Yesterday afternoon, Her Majesty The Queen and His Royal Highness The Duke of Edinburgh attended an event in Perth called The Queen’s Great Aussie BBQ. The Perth crowds that turned out to see the Queen’s drive to the event, or attend the event itself, were estimated at figures from 100,000 to 200,000. The above photo from The Telegraph of London shows some of the crowd, many of which are waving the Western Australia flag with the black swan emblem inside a yellow circle.
What is known for sure, is that 130,000 sausages were ordered for the BBQ. After the official reception and speeches at the BBQ, including the Queen’s only speech at a public gathering during this visit, the Queen and the Duke then moved among the crowds.
After the BBQ, the Queen and Duke proceeded to the airport in Perth, where they boarded their aircraft and departed Australia.
Just in case you think the royal couple will be taking a well deserved rest after returning to the UK, I’ve read that the Duke, at age 90, will fly to Italy a day or two after arriving home to attend meetings relating to his causes.
Here is a summary of the 2011 visit from The Telegraph:
Australians turn out in their thousands to say goodbye the Queen.
Tens of thousands turned out to bid the Queen farewell at the end of an 11 day tour of Australia with the Duke of Edinburgh.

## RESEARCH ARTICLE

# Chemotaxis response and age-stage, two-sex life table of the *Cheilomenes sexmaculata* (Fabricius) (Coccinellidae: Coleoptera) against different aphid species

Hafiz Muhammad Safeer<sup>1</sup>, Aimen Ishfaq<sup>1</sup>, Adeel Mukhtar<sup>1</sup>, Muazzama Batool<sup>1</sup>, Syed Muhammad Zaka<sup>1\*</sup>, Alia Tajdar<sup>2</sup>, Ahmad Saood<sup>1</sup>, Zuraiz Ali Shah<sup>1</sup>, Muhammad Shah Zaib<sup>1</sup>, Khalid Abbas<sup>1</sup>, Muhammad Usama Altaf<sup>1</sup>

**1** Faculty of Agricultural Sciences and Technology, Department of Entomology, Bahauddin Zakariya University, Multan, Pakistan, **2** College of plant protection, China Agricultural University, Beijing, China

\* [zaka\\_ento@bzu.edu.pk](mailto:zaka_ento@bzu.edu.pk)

It was a trip that began with controversy over the absence of a Prime Ministerial curtsy, but Australia’s enduring admiration for the monarchy was evident as vast crowds turned out to bid their farewells.
More than 150,000 people gathered on the banks of the Swan River in Perth, Western Australia, for the Queen’s appearance at the “Great Aussie Barbecue”, her final engagement of an 11-day tour with the Duke of Edinburgh.
Visibly moved by the thousands of well-wishers, the Queen, 85, spoke of feeling “overwhelmed” by the rapturous reception she and the Duke have received throughout their tour.
“We have enjoyed this visit immensely and thank all those who have come out to welcome us,” she said. “We have been overwhelmed by your kindness and support.
“Once again, we will return to the United Kingdom with fond memories of our time here and the warm Australian welcome we have received on our 16th visit to this beautiful country.”
Buckingham Palace has insisted it was not the Queen’s valedictory visit, but from the size of the crowds that turned out to see her yesterday, many Australians appeared to take the opportunity to bid a final farewell to their monarch.
The event attempted to break the world record for the largest ever barbecue, with 130,000 sausages, 8,000 loaves of bread and 150,000 drinks laid on for the occasion.
Prince Philip, 90, who is famous for his royal barbecues at Balmoral where he serves visitors himself, did not disappoint, flipping steaks and chops as he greeted the crowds.
Vincent Garreffa, a chef manning one of the barbecue stalls, said: “We had a rib-eye steak and a pork cutlet which were waiting to be turned, and he did us proud.”